Amnesty International considers that where an inquiry is established into allegations of serious human rights violations, in this case of the possible collusion of state officials in a killing, any such inquiry must be independent, impartial, prompt and thorough. The arbitrary imposition of time limits and reporting requirements by governments, regardless of whether they respond to public policy considerations such as cost or perceived ongoing delay in the investigation, can be construed or perceived as interference in the independence of the inquiry. Changes by governments to a human rights inquiry’s limits on resourcing, reporting or time must be intended to ensure that the inquiry is more effective, and must not be driven solely by extraneous concerns such as cost or delay, at the expense of the rule of law.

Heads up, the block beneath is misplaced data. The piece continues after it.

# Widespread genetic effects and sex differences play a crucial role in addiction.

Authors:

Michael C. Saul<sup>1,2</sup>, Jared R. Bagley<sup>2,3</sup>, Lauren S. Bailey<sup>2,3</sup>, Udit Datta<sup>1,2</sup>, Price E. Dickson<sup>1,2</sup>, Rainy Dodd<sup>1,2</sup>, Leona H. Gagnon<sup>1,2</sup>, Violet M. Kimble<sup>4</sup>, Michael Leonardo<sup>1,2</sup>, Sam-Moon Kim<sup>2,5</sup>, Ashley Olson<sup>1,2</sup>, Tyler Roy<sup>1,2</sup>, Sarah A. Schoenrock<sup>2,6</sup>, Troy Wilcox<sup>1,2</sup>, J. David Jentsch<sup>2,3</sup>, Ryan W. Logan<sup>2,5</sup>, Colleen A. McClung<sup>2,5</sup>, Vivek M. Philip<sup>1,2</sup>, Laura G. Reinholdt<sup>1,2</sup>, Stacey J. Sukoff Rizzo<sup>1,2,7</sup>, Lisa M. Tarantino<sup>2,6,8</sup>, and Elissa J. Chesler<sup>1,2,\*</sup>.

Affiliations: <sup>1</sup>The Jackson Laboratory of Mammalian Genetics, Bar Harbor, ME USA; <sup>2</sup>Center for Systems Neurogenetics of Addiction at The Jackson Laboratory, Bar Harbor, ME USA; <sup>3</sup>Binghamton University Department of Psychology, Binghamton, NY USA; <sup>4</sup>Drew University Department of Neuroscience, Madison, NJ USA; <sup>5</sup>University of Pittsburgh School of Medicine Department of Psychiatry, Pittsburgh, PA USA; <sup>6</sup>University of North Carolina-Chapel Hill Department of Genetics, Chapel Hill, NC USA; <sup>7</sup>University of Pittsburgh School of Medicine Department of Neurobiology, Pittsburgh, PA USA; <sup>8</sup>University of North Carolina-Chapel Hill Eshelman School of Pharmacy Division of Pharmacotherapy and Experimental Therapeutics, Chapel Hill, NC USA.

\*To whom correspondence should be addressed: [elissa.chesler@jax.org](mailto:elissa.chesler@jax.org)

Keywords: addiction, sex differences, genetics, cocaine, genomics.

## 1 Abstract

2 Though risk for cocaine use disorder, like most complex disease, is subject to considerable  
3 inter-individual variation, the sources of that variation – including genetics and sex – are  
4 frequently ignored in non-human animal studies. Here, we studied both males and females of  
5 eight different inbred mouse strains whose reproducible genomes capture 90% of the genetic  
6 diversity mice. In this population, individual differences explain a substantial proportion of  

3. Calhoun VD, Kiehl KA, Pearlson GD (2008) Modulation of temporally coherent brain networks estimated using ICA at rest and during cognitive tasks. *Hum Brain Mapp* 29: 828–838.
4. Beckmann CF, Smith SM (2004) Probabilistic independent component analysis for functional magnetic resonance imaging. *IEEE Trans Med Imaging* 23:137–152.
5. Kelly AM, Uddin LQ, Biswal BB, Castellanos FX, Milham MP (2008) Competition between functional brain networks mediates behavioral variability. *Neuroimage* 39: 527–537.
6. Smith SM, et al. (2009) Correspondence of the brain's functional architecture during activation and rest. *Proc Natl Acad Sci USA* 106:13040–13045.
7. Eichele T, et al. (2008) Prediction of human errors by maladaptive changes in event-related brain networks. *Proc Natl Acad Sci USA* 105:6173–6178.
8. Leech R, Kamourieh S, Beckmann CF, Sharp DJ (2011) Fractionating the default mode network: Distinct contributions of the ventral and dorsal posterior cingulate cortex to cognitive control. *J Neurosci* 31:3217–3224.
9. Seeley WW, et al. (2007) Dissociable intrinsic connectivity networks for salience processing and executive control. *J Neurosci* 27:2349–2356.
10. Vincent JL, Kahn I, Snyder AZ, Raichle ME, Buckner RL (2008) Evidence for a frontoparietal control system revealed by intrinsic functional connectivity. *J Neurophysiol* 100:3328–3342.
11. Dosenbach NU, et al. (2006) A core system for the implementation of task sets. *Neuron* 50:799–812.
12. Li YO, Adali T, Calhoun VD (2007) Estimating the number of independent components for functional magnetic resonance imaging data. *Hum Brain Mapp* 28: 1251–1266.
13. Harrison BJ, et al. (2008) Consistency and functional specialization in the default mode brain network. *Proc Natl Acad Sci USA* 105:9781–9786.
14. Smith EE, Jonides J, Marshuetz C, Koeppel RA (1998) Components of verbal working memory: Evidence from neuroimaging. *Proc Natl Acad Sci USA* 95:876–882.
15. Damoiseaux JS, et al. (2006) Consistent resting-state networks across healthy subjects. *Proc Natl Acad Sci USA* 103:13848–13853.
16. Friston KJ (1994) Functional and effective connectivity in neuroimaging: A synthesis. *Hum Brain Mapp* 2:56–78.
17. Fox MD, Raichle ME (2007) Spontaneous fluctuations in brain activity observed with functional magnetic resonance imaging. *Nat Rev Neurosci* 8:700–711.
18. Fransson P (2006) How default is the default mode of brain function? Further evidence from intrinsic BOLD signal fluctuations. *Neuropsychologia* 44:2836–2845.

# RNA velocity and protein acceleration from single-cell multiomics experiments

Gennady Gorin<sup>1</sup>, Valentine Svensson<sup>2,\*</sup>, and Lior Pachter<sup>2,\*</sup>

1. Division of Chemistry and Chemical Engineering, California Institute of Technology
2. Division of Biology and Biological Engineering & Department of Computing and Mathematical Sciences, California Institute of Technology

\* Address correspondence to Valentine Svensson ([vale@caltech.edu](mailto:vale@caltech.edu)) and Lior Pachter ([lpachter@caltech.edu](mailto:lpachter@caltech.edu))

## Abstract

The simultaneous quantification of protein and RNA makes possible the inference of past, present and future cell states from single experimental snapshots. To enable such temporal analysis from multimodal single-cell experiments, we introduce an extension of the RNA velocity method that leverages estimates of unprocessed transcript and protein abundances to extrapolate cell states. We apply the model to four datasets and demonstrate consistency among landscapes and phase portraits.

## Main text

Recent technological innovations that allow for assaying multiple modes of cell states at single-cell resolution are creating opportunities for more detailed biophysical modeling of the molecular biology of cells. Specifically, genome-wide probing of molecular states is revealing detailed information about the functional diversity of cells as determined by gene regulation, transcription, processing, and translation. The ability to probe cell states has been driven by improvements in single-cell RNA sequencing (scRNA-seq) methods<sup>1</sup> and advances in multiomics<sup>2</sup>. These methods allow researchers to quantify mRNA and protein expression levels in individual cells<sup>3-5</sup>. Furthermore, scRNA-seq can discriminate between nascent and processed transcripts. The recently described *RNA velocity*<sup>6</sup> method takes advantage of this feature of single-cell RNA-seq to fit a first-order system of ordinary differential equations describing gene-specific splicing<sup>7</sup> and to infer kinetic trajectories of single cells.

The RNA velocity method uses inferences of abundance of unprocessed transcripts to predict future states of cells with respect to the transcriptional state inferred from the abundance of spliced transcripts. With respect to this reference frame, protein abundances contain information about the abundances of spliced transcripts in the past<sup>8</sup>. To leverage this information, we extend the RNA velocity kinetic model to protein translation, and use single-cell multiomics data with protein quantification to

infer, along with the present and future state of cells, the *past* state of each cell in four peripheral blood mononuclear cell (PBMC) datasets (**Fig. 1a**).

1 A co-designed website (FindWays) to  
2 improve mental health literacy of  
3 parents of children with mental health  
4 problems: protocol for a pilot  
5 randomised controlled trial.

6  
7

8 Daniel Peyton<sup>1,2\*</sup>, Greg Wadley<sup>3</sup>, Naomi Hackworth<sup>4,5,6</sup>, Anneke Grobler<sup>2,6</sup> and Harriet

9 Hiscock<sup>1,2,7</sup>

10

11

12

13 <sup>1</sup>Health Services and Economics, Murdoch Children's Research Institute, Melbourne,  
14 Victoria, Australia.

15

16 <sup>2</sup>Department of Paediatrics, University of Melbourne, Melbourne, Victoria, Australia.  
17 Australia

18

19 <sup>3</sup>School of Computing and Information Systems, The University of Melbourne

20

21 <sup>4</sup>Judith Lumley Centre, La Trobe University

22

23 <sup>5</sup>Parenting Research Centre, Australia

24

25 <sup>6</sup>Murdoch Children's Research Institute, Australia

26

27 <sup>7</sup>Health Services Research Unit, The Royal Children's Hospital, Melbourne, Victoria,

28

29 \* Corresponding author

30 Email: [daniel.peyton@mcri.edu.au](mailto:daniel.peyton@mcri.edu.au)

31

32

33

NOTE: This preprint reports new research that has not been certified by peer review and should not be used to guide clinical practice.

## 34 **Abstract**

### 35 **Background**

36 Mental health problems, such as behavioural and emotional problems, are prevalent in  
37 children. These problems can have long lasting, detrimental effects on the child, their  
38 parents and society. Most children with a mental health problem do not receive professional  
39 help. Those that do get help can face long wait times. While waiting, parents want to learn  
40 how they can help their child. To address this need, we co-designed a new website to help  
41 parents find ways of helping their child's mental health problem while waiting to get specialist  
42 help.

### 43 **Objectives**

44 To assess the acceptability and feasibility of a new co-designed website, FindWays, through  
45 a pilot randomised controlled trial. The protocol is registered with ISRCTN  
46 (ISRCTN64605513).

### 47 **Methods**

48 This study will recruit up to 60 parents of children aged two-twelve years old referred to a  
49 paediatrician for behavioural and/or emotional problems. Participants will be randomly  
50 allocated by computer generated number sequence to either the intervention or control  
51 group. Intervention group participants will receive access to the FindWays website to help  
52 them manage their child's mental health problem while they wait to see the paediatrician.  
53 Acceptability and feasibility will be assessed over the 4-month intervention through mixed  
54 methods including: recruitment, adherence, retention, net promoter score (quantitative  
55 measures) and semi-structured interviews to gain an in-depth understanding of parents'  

Amnesty International is particularly concerned by the apparent change in attitude to the work of the Smithwick Tribunal, given the speed with which the Irish government initially took up the recommendation of the Cory Collusion Inquiry by supporting the establishment of a commission of inquiry into the killings.
Amnesty International Ireland wrote to the Irish Minister for Justice, Equality and Defence on 27 May 2011 following reports in the press about the Government’s intention to impose restrictions on the tribunal. The organisation emphasised the need to ensure that the Smithwick Tribunal continues to have a mandate to carry out a prompt, thorough, independent and impartial investigation of all allegations of serious human rights violations. To date, no response has been received.
On 20 March 1989, two senior police officers in the RUC, Chief Superintendent Harry Breen and Superintendent Bob Buchanan, were shot and killed by members of the PIRA, while driving back to Northern Ireland from a routine, informal meeting with their Irish counterparts in Dundalk, Ireland. They were killed in Northern Ireland, close to the border with Ireland. It has been alleged, but to date not proven, that information which directly facilitated the killing was leaked from a serving Garda official or employee to the PIRA.